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No Dig Questions


I am in the process of making a new shady border in clay soil. This is in a corner of my garden that has been largely covered in weed membrane for a year or so and I now have lots of plants ready for their new home. 

I was hoping to create the borders using a no dig method by putting down cardboard to smother weeds and then put compost and wood chip mulch on top. I don't really like the idea of a plastic weed membrane that won't rot away being there permanently but I'm prepared to have my mind changed.

I have a few questions:

1. Does this work with groundcover plants such as lamium? Does the cardboard prevent spreading?

2. When planting, do you plant on top of the cardboard or make a hole for the roots to go through? 

3. The only nice thing about this corner is that it has lots of snowdrops. How do I keep these or will they come back through? Should I remove the bulbs and replant on top of the cardboard?

Thank you - I have never done this before as you can tell! :smile:


  • PosyPosy Posts: 3,601
    I don't understand why you need cardboard at all, to be honest. Ground cover plants tend to smother weeds, anyway, and Lamium is a determined spreader and smotherer. 

    Plants need soil and weeds are plants so any medium you put down for your plants will be good for weeds, too, cardboard or no cardboard. You could plant through holes in the cardboard but the weeds will grow in the mulch.

    Your snowdrops will be much better left as they are.

    Honestly, I think you are worrying too much. Plant into the soil and mulch with good composted muck. You can add wood chip if you like it. 
  • TopbirdTopbird Posts: 8,193
    edited March 2022
    Weed suppressant membrane in borders can be a nightmare to deal with if you subsequently want to change things and you can't really do things like mulching etc to improve the soil. Getting rid of the membrane is (IMO) a good thing👍

    Heaven is ... sitting in the garden with a G&T and a cat while watching the sun go down
  • FairygirlFairygirl Posts: 53,955
    If the ground's been covered for a long time, it can be sour and stale.
    The best thing to do before planting anything, is to add a load of manure. Then just plant directly into the bed, using suitable plants of course. Clay is one of the best mediums to grow in, but often needs improved to get the best from it, The organic matter will do that. 
    You can then add a mulch of compost or similar to suppress any weeds until plants spread. There's no need to do anything else really, other than adding some compost as a top mulch now and again.  :)
    It's a place where beautiful isn't enough of a word....

    I live in west central Scotland - not where that photo is...
  • B3B3 Posts: 26,486
    edited March 2022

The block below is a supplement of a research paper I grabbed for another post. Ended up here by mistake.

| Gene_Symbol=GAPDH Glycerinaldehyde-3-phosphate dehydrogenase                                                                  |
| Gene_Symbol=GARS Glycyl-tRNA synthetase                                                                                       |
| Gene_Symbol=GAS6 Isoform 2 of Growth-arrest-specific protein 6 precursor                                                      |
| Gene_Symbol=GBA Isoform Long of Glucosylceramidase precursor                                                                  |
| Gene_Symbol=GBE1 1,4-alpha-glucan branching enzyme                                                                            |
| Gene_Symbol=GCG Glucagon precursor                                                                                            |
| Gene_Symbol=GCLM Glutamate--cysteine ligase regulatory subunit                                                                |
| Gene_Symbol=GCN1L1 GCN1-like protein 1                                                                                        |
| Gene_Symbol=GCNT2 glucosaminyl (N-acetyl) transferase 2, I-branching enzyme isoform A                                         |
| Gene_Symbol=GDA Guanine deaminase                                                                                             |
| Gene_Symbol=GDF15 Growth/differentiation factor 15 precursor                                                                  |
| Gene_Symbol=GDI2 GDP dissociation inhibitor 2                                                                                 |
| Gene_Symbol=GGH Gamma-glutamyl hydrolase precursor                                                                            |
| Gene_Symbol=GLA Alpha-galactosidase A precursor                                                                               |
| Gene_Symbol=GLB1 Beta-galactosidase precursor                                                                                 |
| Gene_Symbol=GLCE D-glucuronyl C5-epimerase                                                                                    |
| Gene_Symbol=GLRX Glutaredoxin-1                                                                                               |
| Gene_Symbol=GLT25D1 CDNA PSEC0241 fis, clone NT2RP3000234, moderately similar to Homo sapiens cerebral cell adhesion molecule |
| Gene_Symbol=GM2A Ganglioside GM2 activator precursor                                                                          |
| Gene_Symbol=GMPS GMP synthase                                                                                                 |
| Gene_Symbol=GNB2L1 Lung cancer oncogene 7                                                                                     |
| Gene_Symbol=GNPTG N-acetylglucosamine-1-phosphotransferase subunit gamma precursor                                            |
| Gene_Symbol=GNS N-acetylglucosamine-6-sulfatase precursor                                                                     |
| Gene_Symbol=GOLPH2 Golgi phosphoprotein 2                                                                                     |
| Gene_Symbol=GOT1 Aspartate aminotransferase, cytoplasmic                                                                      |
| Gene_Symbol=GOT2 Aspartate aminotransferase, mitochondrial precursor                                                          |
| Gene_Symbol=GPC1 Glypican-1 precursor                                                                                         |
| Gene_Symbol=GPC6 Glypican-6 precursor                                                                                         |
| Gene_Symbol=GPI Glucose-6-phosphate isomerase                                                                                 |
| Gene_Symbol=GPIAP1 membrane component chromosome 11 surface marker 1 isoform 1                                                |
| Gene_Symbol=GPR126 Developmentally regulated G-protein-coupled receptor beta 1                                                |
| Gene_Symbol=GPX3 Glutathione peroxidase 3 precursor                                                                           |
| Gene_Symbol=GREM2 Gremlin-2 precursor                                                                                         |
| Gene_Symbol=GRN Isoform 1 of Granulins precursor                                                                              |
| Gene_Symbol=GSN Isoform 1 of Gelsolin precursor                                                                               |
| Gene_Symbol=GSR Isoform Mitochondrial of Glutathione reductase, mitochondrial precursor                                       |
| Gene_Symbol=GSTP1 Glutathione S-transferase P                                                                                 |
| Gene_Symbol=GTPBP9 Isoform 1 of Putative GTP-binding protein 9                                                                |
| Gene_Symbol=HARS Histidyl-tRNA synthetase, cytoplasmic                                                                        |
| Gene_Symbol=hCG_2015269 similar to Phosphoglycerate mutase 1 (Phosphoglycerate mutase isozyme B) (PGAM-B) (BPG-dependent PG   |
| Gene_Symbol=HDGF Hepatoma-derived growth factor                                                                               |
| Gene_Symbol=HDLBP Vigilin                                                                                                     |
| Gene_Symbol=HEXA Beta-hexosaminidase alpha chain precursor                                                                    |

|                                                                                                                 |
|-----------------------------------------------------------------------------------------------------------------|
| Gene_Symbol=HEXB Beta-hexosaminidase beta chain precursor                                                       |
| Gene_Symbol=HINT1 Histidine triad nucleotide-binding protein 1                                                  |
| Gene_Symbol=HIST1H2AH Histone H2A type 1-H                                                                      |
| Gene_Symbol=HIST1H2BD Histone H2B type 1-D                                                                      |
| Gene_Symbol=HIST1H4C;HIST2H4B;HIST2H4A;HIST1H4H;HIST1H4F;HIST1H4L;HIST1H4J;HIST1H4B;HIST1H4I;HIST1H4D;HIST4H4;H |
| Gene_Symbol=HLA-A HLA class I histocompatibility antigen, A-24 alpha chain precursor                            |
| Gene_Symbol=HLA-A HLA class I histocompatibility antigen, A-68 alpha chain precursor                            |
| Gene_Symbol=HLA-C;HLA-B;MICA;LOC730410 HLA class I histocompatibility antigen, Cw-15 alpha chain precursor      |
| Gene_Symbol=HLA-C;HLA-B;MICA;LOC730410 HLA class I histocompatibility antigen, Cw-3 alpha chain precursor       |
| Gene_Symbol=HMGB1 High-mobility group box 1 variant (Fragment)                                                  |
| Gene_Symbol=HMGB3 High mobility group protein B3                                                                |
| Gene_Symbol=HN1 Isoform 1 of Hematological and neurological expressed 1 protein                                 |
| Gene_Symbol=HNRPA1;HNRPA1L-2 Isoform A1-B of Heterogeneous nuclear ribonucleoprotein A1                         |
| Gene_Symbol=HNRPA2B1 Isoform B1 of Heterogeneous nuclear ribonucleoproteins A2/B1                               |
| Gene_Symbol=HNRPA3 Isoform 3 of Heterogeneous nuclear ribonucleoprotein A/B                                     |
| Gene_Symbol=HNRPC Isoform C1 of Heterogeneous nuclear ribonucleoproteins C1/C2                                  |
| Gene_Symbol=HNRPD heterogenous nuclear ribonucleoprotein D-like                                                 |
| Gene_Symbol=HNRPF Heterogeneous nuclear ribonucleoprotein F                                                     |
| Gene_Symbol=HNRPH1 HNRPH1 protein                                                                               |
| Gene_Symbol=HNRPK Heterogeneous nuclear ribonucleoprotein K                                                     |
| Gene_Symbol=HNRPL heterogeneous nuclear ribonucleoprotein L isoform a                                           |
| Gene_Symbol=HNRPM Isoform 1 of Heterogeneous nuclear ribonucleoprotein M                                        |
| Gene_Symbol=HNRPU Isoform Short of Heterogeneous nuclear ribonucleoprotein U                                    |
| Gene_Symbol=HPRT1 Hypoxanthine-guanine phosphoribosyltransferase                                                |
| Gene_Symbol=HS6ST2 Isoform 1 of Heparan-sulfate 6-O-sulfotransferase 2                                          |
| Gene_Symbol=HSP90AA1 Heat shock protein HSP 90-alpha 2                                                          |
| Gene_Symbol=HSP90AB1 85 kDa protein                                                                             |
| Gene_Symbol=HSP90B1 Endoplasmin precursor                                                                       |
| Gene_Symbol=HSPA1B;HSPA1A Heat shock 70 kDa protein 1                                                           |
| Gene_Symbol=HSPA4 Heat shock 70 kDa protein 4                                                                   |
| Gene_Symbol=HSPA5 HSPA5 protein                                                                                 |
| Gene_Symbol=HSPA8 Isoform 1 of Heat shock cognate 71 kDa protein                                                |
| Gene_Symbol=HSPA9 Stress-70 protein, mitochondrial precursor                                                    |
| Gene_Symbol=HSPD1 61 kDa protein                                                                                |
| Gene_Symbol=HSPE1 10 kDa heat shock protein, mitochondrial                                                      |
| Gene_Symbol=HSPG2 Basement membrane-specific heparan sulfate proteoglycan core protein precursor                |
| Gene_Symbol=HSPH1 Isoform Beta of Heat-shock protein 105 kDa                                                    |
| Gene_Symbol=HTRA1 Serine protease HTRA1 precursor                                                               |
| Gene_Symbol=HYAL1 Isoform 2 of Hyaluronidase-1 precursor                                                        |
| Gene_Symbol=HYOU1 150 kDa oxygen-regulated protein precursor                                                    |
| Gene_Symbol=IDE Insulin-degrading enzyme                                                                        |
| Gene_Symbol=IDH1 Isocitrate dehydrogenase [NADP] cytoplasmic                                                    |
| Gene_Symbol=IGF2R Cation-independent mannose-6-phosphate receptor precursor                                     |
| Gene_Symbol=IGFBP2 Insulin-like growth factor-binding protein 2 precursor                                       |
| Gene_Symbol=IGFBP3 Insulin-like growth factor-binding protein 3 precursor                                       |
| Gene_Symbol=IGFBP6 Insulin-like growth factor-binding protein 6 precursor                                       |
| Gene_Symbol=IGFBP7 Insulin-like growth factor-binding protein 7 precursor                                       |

I wouldn't call my efforts on heavy clay a no dig method, I'm just too lazy to dig. I jiggle the top inch or so of soil and pull out any weeds that offend. I empty spent compost wherever there's a gap. It works for me.
    In London. Keen but lazy.
  • so.phieso.phie Posts: 20
    Thank you everyone.

    That's one of my main reasons for wanting to do no dig, as I'm just not strong enough to turn over the whole area. It sounds like I need to get some manure and compost in!
  • FairygirlFairygirl Posts: 53,955
    The 'digging over' thing is now a very outdated concept, and completely unnecessary.
    The only time you would dig, or loosen up soil, would be if you'd had building work or similar, and the ground had been very compacted.
    Even then, adding manure etc will bear dividends very quickly. I've done it many times :)
    It's a place where beautiful isn't enough of a word....

    I live in west central Scotland - not where that photo is...
  • B3B3 Posts: 26,486
    Just don't walk on it if it's wet. But if you have to, then loosen up the soil where you've trodden.
    In London. Keen but lazy.
  • PosyPosy Posts: 3,601
    There's still a lot to be said for digging if your soil IS compacted. My 'garden' used to be grazing land that became partially flooded each winter. The ground was solid and pretty lifeless. Digging in muck and grit has transformed it and it is full of worms and nutrients. There weren't any worms to 'take down' organic matter.

    There's no single approach,  you need to match your method to your conditions.
  • bertrand-mabelbertrand-mabel Posts: 2,527
    We are on clay and it doesn't matter what we do we still try something else.
    Cardboard over winter to suppress weeds...doesn't work, old carpets..the same, putting our compost adds to the nutrients but still needs weeding in the Spring.
    Over 40 years here in clay soil with our composting added every year....still a clay soil!!!
  • To give you some ideas..
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